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Pikchar With Rita: ‘Ghar’ Manages To Show The Sheer Difficulty Of Being Normal With A Traumatised Self And Body

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Pikchar With Rita is a fortnightly column on cinema by Rita Kothari. She’s a Professor of English at Ashoka University. She does not “do” film studies. 

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Some days ago, when it seemed too purposeless to do anything for yet another time, I went into the kitchen armed with songs of Kishore Kumar. His voice infused into the chores a lyricism that I can seldom resist. One particular song stood out, ‘Tere bina jiya jaye na..’ which translates as ‘[Simply] can’t live without you…’ I had heard this song several times in Lata Mangeshkar’s voice; but it was different listening to Kishore Kumar.

A grainy image from a distant past appeared before my eyes when as an eight-year-old I must have spotted the poster of the film Ghar, with Rekha in a saree that went around her bun and the pencil-thin eyebrows which in the subsequent years became thick and prominent, adding to the Rekha trademark beauty. The film was rated “A” when it appeared, and so clearly did not form a part of childhood staple. The notes of this song buzzed in my head through the day and the film drew me to itself. It may not generally be advisable to watch films of all the songs we like, the visual effect can be quite staggering and ruin the songs for us for the rest of our lives. But with this one, I was willing to take chances, with the added testimony provided by the duo RD Burman and Gulzar, who collaborated in good films and created immortal songs. Also, in one of her most disarming and straightforward interviews Rekha mentioned how she was always surprised to receive the praise she had, for she had not thought of herself as a great actor. Ghar, she mentioned, was exceptional.

The Lata Mangeshkar version of ‘Tere Bina Jiya jaaye na…’ plays in the film as Arti (played by Rekha) visits every nook and corner of home picking up lingering traces of passion-filled nights. Evocatively the song says, ‘Jab Bhi Khayaalon Mein Tuu Aaye/Mere Badan Se Kushbuu Aaye/Mehake Badan Mein Raha Na Jaaye’, which translates as ‘Whenever you enter the thoughts, my body gives out a fragrance, and the fragrant body is hard to live with.’ This is intense desire in a married couple that finds hard to have a dwelling in which love-making could find its full expression. The sensuality of the soft nights has been witnessed by the walls of the modest and rented home that they have finally managed to find. This ghar, or home, and this song with an aching longing, stay in the film as a background score against which little things happen.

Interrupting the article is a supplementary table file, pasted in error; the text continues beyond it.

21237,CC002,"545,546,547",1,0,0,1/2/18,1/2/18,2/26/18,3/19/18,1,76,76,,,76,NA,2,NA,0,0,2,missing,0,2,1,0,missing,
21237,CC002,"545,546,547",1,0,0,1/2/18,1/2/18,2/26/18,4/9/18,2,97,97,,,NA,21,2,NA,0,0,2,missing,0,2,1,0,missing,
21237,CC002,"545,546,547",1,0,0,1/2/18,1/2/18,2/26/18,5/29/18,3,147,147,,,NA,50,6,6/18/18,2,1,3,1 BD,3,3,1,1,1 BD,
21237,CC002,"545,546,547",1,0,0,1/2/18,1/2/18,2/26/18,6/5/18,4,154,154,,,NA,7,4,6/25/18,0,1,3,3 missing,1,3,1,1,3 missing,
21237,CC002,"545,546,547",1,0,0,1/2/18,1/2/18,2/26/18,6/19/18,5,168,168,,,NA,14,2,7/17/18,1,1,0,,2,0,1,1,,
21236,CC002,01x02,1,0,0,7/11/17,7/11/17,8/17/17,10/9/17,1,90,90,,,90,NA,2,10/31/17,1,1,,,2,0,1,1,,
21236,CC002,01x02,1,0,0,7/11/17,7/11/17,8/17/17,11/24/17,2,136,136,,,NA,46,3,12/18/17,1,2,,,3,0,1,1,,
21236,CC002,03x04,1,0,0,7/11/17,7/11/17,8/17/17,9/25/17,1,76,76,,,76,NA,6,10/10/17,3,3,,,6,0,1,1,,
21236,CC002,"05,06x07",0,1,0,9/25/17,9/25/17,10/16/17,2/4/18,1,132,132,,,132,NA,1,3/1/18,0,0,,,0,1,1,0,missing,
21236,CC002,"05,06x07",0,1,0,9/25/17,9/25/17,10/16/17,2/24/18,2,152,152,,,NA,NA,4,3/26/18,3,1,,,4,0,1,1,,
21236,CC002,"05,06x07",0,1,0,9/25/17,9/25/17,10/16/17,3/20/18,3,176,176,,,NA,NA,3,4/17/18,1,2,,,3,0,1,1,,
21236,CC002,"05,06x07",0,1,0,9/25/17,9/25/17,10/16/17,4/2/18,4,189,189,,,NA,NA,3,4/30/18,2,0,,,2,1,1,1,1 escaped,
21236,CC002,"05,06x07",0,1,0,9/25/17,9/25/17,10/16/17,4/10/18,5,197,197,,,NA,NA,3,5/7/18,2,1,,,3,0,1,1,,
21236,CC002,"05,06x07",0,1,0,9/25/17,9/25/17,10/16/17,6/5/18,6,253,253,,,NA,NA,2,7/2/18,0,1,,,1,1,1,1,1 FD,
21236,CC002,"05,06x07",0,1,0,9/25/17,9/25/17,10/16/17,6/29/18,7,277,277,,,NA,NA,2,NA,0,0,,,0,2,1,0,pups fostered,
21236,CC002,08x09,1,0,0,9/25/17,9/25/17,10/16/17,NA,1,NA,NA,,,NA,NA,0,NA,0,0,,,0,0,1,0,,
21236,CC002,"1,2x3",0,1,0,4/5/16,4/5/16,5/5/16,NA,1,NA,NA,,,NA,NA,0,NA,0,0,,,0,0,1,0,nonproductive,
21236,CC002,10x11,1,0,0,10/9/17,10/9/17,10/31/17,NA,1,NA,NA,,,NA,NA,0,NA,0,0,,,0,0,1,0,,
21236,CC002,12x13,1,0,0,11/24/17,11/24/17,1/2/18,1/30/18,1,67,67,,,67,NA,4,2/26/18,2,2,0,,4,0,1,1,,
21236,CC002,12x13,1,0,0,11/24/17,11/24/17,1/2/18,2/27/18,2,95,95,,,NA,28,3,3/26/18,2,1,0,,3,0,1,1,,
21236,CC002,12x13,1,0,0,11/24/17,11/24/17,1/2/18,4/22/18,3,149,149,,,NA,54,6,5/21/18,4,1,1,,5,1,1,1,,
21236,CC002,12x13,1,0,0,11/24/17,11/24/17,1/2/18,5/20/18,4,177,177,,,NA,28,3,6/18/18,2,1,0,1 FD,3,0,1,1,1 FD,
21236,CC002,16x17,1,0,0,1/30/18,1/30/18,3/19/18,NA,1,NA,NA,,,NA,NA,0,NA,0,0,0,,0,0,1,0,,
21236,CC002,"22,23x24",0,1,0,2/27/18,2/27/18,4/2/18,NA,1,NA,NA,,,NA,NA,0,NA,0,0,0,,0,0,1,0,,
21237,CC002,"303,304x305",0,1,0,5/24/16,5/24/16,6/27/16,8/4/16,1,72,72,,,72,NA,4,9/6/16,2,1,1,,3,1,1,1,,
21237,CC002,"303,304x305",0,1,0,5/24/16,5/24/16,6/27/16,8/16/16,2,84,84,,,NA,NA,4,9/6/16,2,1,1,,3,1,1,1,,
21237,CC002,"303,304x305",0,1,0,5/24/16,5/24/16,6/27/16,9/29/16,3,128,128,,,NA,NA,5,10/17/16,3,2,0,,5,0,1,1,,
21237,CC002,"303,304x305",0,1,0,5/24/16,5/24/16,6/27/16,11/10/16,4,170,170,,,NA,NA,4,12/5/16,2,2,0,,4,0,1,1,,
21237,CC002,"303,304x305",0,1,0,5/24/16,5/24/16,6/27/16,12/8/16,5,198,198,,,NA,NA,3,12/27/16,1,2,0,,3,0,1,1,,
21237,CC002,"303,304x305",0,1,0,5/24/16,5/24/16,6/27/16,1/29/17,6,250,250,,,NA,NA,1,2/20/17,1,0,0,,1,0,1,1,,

The legitimacy of love-making (even) in a married couple is sometimes suspect in India; watched now by the police, now the joint family and neighbours. But the notes of haunting songs take the spectator through these surveilling hurdles with a promise of an intimacy that seethes quietly. However, when an enormous tragedy strikes their life and Arti is raped by four drunken men on the street, the texture of home and desire and relationship changes.

Ghar is one of the early films about rape, and one that focuses upon the afterlife both of fulfillment and ruptures in marriage. This may also explain why the film has gone unnoticed for it was doing the harder job in Hindi cinema; the job of dwelling slowly, of lingering, of an unhurried pace and unresolved ends. When the relationship is corroded, gestures second-guessed the notes grow faint, for Ghar manages to show the sheer difficulty of being normal with a traumatised self and body.

The Kishore Kumar version I heard plays at the end of the film, the last sequence, when Arti is found at the railway station and has not taken a train to leave Vikas, while he has not stayed home and let her go, instead run helter-skelter to bring her back. The song ‘Tere bina jiya jaye na…’ plays again, but evokes an ache to belong and own, and the voice of desire is now a voice of brokenness. This version is played against the clamour of a railway platform, for it is not about the longing of the body, but of the soul and this longing has survived the brokenness. It evokes far more solitude in the street than the one experienced at home, in the ghar. As we come to the end of this rumination, it is to remember the not-remembered films that slipped through cracks and take chances on tracing the song to the film. May melody unlock you.

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